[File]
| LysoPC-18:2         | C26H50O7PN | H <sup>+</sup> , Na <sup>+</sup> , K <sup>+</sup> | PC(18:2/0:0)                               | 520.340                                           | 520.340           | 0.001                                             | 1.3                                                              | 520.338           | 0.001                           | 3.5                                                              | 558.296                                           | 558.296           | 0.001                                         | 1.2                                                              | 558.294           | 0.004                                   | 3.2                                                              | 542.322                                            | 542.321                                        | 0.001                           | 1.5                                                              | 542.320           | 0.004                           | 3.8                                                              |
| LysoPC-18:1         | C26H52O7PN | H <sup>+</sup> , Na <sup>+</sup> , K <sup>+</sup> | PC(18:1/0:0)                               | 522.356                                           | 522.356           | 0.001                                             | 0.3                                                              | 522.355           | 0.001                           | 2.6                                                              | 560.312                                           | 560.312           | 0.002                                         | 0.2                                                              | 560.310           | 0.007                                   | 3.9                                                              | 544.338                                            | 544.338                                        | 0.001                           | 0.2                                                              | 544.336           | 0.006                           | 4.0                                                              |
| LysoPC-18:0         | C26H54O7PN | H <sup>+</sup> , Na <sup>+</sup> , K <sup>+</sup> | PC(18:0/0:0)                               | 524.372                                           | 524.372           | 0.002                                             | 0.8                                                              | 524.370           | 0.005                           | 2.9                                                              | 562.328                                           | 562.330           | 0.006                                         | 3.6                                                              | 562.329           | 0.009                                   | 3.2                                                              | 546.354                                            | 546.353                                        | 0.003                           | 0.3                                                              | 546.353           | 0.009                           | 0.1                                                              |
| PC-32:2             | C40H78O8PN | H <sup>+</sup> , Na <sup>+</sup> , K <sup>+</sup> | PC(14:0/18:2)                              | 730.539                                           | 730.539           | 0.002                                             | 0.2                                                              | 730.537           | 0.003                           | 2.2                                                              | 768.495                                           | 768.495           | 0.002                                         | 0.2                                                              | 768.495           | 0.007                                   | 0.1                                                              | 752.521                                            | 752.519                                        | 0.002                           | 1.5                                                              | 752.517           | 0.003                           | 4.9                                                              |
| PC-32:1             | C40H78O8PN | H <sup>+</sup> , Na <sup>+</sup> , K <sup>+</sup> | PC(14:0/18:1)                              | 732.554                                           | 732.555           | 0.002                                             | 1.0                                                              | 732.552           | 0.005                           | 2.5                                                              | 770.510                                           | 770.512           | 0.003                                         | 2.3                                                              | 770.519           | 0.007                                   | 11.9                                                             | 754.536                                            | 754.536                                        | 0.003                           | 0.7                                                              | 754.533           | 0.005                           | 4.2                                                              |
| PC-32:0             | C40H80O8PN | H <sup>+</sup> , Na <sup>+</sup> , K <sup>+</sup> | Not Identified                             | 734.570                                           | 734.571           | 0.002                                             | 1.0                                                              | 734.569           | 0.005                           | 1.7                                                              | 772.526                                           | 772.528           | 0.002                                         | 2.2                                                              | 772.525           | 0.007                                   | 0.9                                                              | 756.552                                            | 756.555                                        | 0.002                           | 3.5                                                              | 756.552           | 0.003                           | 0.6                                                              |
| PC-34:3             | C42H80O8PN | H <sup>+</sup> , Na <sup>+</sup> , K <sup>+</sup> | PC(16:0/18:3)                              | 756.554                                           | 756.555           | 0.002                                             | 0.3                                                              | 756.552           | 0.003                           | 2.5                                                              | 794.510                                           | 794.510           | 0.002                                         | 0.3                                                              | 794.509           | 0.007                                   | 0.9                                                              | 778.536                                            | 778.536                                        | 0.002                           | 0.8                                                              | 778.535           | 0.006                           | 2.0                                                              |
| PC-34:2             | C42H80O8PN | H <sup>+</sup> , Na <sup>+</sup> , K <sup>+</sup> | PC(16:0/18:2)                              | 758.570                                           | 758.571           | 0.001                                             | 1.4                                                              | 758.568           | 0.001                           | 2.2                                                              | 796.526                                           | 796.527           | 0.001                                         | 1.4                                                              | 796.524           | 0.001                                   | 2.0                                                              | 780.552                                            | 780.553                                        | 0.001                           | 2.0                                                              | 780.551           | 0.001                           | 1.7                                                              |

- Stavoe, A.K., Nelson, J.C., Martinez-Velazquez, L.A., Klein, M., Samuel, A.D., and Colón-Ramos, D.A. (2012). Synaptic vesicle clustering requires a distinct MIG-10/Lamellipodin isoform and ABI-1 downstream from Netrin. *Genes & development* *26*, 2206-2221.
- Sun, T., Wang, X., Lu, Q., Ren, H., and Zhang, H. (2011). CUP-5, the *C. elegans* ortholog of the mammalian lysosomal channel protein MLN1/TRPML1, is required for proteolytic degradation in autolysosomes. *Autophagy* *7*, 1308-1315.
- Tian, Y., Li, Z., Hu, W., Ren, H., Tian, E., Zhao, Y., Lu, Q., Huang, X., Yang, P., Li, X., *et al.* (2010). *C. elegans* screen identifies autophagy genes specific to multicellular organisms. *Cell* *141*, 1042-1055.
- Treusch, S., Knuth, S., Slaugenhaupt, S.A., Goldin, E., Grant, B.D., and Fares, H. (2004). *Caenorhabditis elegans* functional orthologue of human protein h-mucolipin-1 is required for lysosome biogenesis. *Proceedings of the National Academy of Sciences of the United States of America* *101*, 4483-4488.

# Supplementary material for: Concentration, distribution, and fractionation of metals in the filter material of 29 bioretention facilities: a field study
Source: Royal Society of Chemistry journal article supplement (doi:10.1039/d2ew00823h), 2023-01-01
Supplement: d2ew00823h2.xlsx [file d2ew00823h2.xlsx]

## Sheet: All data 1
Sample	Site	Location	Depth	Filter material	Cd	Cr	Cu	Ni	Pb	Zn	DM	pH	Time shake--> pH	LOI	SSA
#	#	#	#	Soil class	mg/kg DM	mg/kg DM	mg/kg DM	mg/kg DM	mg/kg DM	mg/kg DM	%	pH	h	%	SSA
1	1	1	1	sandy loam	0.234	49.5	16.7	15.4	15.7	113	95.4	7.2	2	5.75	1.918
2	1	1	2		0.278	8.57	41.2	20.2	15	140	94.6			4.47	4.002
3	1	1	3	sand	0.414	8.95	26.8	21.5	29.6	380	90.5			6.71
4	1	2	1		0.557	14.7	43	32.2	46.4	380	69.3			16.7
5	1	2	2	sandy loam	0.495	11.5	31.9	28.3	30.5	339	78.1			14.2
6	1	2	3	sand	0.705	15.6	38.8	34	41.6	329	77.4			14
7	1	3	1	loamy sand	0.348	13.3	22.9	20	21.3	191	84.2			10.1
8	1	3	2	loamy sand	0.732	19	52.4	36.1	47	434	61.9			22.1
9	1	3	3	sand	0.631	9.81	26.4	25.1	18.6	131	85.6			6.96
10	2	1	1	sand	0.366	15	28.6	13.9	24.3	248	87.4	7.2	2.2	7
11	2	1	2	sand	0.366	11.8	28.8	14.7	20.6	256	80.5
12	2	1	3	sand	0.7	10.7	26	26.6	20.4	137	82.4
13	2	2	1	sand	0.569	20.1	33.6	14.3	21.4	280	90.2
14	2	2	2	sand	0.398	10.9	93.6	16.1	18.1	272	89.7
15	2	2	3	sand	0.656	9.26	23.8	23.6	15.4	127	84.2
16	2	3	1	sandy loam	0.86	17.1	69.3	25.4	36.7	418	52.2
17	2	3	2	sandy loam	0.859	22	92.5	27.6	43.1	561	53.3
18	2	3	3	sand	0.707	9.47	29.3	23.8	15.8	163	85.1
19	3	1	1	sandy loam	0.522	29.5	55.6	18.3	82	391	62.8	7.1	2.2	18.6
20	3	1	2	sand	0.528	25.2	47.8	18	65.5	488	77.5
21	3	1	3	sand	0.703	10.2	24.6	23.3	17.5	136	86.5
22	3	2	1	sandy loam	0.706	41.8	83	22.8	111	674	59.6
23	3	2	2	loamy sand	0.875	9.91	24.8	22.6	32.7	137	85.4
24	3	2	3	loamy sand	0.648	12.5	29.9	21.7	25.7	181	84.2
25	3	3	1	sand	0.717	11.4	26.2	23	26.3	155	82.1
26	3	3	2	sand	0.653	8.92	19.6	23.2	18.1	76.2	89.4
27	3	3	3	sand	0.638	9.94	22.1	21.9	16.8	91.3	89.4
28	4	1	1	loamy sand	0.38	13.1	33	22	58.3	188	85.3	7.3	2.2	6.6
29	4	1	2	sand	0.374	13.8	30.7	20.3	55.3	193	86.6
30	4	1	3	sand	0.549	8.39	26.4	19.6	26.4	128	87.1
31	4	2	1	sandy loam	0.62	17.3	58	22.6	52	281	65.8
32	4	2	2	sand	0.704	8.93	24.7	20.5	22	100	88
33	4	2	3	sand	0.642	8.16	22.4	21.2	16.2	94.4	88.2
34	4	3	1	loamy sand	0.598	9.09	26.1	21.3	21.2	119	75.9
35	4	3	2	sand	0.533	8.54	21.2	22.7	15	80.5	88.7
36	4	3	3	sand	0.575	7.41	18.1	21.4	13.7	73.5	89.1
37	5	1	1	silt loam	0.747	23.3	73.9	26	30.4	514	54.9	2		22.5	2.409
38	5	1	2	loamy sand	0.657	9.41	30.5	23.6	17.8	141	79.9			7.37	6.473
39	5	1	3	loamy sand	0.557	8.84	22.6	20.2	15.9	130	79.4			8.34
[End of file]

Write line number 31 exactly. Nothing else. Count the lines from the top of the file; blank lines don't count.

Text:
13	2	2	1	sand	0.569	20.1	33.6	14.3	21.4	280	90.2